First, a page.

P&G buoyed by developing markets

Despite tough competition in developing countries having anegative
effect on Procter & Gamble's financial result, the company
confirmed its financial expectations for the third quarter.

P&G​ backed its expectations for total sales growth in the low-double digits for the quarter. The company says its forecast includes estimated price and mix impacts of minus two to three per cent, "mainly as a result of rapid developing market growth".

Historically P&G has tend to increase its forecasts during mid-quarter update but this is now the second consecutive quarter without positive upgrades.

Complaining of weak North American and Western European market, personal care companies are relying more and more on the fast growing developing markets, particularly Central and Eastern Europe and Asia, to push their sales. As a result of the increasing incomes in the developing markets, large companies see great sales growth potential and are ready to sacrifice a part of the profit by cutting prices to get bigger market share.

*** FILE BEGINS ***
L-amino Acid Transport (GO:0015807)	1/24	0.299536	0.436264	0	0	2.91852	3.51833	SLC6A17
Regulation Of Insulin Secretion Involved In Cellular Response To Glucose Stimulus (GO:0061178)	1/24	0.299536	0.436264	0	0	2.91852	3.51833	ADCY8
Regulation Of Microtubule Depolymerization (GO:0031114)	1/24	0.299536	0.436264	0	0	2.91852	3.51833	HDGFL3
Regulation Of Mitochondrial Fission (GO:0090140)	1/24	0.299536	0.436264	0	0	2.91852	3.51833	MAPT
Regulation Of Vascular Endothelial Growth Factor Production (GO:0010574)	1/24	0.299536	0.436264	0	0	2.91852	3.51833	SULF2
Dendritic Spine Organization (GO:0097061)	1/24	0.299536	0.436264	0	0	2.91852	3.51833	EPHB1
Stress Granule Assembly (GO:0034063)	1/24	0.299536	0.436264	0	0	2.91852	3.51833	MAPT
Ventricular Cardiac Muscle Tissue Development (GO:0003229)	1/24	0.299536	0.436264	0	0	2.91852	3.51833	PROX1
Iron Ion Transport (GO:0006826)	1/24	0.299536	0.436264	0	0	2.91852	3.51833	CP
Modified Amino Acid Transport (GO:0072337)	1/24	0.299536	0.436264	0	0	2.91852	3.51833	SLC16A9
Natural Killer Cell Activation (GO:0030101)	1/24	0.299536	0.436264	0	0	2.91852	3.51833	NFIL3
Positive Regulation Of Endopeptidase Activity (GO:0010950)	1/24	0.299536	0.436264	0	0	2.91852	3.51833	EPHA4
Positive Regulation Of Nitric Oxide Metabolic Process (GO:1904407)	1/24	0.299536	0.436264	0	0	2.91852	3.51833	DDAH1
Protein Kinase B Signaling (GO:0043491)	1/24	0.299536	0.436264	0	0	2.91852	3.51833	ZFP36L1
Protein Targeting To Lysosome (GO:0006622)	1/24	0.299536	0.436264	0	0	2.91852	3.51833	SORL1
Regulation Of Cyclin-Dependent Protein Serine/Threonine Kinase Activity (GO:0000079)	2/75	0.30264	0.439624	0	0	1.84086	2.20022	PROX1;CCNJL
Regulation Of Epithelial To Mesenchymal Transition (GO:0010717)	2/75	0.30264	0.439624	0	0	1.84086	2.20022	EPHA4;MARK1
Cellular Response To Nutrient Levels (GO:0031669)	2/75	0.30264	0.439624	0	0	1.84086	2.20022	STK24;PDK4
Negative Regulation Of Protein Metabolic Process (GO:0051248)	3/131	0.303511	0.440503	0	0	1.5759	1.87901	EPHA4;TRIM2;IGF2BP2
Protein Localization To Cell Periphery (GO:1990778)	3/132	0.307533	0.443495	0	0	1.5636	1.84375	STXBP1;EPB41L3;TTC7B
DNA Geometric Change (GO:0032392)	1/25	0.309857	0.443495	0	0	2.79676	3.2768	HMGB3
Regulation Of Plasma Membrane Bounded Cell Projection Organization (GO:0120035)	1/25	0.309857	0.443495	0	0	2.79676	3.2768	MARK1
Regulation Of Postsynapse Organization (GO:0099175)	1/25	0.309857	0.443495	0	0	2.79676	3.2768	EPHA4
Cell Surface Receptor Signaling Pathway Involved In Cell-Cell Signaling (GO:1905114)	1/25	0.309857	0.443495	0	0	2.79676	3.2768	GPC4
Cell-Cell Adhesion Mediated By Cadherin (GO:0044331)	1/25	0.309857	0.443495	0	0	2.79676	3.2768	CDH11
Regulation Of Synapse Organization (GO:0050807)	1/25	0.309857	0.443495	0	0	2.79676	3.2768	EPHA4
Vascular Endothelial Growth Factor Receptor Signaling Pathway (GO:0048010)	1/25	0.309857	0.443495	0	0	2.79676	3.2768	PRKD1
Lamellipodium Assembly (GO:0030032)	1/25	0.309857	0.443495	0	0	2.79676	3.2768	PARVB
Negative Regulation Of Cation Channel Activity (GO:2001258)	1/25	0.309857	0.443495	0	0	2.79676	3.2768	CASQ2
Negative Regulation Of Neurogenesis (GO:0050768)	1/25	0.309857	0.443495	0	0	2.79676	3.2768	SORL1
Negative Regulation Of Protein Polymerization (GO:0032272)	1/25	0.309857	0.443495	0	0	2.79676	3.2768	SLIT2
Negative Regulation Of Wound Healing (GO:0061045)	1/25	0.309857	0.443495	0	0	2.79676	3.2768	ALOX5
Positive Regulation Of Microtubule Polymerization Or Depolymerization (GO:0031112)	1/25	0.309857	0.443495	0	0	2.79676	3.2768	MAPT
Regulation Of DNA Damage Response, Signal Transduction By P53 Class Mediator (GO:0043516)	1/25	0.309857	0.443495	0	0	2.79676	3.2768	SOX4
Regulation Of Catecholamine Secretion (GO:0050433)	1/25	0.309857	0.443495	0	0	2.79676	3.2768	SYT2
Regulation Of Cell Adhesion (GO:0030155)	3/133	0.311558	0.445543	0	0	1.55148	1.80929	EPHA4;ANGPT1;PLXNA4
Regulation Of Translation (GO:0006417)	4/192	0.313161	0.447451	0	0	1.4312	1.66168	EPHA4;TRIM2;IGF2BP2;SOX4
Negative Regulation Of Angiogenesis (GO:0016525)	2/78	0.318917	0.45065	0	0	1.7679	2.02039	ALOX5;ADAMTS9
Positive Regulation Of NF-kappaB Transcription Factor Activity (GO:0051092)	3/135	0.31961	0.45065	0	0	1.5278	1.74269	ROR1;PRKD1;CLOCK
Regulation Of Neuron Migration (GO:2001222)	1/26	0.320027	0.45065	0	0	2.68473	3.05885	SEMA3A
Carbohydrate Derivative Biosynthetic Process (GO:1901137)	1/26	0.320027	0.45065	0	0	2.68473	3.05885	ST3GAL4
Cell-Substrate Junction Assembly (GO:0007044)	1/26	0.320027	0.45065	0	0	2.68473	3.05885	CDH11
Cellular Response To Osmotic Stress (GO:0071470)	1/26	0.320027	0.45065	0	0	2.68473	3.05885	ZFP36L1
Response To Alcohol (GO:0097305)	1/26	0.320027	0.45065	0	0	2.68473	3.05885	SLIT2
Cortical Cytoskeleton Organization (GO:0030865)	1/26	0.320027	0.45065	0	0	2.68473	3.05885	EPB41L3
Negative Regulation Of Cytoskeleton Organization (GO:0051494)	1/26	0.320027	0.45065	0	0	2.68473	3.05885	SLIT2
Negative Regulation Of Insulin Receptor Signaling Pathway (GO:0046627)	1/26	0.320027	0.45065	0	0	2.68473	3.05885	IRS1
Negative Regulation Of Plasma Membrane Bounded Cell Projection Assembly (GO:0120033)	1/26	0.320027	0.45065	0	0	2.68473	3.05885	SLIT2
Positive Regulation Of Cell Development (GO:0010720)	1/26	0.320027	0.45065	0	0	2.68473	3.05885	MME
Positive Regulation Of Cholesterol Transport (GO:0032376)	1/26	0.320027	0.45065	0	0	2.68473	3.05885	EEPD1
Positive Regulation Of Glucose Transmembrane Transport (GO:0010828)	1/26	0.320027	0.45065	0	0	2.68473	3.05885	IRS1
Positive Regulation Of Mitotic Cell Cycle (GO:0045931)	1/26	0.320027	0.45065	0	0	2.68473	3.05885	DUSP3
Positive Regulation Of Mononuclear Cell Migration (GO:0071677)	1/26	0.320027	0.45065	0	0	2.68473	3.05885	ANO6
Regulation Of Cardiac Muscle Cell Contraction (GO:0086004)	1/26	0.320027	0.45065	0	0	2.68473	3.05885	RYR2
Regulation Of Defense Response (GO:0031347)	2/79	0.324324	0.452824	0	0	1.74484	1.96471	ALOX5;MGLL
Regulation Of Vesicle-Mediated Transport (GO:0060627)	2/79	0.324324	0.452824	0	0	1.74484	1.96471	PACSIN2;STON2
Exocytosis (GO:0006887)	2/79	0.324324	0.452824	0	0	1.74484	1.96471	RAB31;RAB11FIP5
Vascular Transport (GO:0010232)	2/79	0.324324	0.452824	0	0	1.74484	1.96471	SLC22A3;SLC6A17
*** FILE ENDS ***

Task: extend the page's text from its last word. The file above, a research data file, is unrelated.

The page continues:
"The strong top-line momentum continues to be led by exceptional developing market growth,"​ says P&G.

Most leading cosmetics companies have reported impressive growth in developing markets in recent months. "In a few years, these markets could generate the company's largest sales,"​ said recently Lindsay Owen-Jones, L'oréal's CEO.

P&G expects organic sales growth, which excludes the estimated impacts of acquisitions and divestitures as well as foreign exchange, in the range of four to six per cent for the quarter. Organic volume growth is expected in the high-single digit range.

In the year ending June 2003, P&G had a total turnover of $43.37 billion, compared to $40.23 billion for the previous 12 month period.